Technology Watch: Rocket Science

How do you launch something into orbit without using any fuel? A prototype spacecraft relies on a ground-based laser to push it aloft.

By Fenella SaundersApr 1, 1998 6:00 AM


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Whenever rockets leave Earth, the satellites and other cargo they carry account for just a fraction of their weight. Most—up to 90 percent—of a rocket’s weight comes from its fuel. This presents a problem for rocket designers: the more a rocket weighs, the more fuel you need to boost it into space. But how do you reduce a rocket’s weight without reducing the fuel needed to launch it? Leik Myrabo, an aerospace engineer at Rensselaer Polytechnic Institute in Troy, New York, says the solution is to take the power source off the rocket and leave it on the ground, reducing launch costs to at least a hundredth of what they are now. Working at the Air Force Research Laboratory in California with aerospace engineer Franklin Mead, Myrabo has built a number of six-inch-wide prototypes that in early tests have reached a height of more than 70 feet without so much as a drop of onboard propellant.

The model looks like a big acorn, but its odd design allows it to use an unconventional means of propulsion: a high-power laser. Before launch the aluminum prototype, called Lightcraft because of its power source, balances on a six-inch-long pole. To launch the device, Myrabo and Mead first fire a jet of compressed air at it, making it spin. The spinning stabilizes the craft. Then a laser pulse shines up from below and hits the polished underside of the craft, which acts as a mirror to focus the beam into the air beneath the craft. The laser power is so concentrated that it superheats .6 cubic inch of air a fraction of an inch below the craft to 54,000 degrees Fahrenheit. Such a cloud of gas is called a plasma, and it expands explosively to power the craft. Between beam pulses, which fire 20 times a second, air rushes back beneath the craft to fuel the next laser-induced explosion.

Myrabo keeps the Lightcraft’s power source on the ground because a laser powerful enough to create a plasma would be too heavy to mount onto the craft. To stay positioned over its power source, the Lightcraft has to move upward in a very straight line, which is why Myrabo and Mead spin the craft before liftoff, creating gyroscopic forces that steady it. Myrabo says that within the next five years he and Mead plan to make a version that will be up to five feet in diameter, which he hopes will reach a height of 124 miles, putting it into low orbit. Myrabo says he even has a 66-foot-wide model on the drawing board that could carry 12 passengers. That model would have onboard jets as stabilizers.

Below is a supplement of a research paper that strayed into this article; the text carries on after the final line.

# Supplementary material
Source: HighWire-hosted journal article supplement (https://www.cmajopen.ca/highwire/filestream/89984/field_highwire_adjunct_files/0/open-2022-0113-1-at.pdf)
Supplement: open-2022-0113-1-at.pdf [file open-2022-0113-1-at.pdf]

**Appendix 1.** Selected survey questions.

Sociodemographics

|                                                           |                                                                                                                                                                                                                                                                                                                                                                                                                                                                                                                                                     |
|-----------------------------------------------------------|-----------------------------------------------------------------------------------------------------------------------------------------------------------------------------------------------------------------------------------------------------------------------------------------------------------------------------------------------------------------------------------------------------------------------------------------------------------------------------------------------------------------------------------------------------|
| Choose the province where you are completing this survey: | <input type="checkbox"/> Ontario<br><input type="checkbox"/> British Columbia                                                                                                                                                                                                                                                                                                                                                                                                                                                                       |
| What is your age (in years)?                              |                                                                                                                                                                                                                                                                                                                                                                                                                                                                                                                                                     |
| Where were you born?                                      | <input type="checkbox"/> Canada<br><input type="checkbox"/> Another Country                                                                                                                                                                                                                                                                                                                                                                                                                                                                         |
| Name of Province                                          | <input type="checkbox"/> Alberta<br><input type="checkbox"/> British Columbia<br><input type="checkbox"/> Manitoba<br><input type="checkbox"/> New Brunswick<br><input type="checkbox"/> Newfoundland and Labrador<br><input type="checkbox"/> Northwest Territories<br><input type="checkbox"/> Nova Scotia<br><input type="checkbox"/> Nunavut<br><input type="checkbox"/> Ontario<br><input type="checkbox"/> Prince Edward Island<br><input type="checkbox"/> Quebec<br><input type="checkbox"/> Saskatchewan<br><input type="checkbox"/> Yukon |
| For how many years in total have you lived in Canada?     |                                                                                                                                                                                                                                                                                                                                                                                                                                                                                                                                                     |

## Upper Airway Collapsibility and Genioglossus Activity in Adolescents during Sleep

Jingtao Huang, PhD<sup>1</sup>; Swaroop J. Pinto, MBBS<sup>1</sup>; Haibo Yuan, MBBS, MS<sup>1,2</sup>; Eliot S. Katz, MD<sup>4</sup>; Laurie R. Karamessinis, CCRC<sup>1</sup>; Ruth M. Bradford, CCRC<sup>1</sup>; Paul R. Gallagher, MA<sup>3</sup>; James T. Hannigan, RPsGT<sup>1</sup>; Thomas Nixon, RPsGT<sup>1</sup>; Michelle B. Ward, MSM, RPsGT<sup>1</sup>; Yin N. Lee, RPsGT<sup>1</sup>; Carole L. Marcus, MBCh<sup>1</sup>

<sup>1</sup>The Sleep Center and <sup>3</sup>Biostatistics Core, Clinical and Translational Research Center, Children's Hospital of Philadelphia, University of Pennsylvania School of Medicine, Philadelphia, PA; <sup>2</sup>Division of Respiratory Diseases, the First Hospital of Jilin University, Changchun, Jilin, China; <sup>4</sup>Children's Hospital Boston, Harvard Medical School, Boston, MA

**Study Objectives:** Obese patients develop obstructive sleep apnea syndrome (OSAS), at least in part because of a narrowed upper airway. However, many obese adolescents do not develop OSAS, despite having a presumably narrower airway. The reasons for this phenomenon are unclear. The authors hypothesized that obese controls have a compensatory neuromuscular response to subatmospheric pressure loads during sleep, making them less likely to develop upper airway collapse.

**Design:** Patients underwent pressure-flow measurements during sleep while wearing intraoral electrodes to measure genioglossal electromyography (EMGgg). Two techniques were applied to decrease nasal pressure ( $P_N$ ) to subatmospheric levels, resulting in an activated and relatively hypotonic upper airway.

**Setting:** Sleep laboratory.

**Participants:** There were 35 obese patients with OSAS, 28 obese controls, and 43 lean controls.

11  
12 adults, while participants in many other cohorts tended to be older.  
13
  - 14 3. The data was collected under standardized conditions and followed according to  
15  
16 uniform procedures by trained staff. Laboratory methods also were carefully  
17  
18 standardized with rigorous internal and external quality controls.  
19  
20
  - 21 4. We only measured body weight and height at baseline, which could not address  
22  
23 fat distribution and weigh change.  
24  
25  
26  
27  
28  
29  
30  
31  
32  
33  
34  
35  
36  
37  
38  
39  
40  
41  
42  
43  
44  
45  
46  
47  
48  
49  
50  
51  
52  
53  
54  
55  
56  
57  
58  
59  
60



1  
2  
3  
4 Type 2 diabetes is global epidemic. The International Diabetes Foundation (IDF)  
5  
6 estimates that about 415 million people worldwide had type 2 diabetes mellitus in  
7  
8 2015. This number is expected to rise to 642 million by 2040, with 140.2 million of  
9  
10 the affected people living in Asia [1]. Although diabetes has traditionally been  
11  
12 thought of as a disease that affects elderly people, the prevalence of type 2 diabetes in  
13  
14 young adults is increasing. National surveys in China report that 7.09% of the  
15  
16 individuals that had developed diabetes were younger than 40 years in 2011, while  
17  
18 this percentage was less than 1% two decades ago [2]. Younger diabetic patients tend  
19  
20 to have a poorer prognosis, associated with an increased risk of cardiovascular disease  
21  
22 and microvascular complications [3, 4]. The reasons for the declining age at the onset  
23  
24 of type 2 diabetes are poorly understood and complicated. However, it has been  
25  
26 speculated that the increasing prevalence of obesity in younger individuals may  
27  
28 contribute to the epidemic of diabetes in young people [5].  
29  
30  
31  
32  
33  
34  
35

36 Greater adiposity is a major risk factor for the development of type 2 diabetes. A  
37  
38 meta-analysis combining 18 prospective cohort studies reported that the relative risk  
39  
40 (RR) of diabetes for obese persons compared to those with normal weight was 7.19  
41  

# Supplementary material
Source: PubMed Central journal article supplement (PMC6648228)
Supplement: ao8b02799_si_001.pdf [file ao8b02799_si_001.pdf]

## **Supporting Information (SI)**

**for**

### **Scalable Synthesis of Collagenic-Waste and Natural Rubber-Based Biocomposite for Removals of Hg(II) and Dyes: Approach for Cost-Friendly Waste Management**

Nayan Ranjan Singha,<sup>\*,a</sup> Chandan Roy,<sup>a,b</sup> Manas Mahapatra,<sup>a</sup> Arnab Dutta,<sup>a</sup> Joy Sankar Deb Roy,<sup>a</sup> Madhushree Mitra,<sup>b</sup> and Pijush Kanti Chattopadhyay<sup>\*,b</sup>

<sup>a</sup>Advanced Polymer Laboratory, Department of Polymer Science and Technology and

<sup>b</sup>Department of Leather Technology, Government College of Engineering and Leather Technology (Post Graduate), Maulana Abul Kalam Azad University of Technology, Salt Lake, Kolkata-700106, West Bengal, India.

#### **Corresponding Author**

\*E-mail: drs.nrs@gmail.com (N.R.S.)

What about bad weather or birds coming between the Lightcraft and the laser? As with conventional rockets, Lightcraft launches would have to be canceled during storms. But you would launch from the top of a mountain or a desert to avoid many atmospheric problems, says Myrabo. And if birds flew through the beam, it would be a very momentary interruption, so I don’t see any particular problem. And unlike conventional rockets with their burden of onboard fuel tanks, if something does go wrong with a launch of the Lightcraft, the laser can be shut off and the craft can parachute safely back to the ground for a later attempt.

Right now the acorn-shaped nose of the Lightcraft is empty, but Myrabo hopes to fill the scaled-up, five-foot-wide model with electronics and turn the entire craft into a microsatellite once it reaches orbit. With some special optics, you’ll be able to use it as a telescope or for communications, he says. However, above about 18 miles, there’s not enough air to form the plasma, so the craft would have to switch to a reserve of liquid hydrogen fuel, which the laser would ignite to boost it into space.

Myrabo and Mead readily admit they have a lot of work to do before going from their current height of some 70 feet to 124 miles. One thing they’ll need is a far more powerful laser, about the size of a small house, which they now have unassembled in a warehouse. We’re trying to follow Goddard’s track, says Myrabo. About 70 years ago, Robert Goddard, the American rocket pioneer, spent more than a year trying to get a liquid-fuel rocket to go from 90 to 2,000 feet. If we match his rate, we should be able to put microsatellites into orbit in four and a half years.

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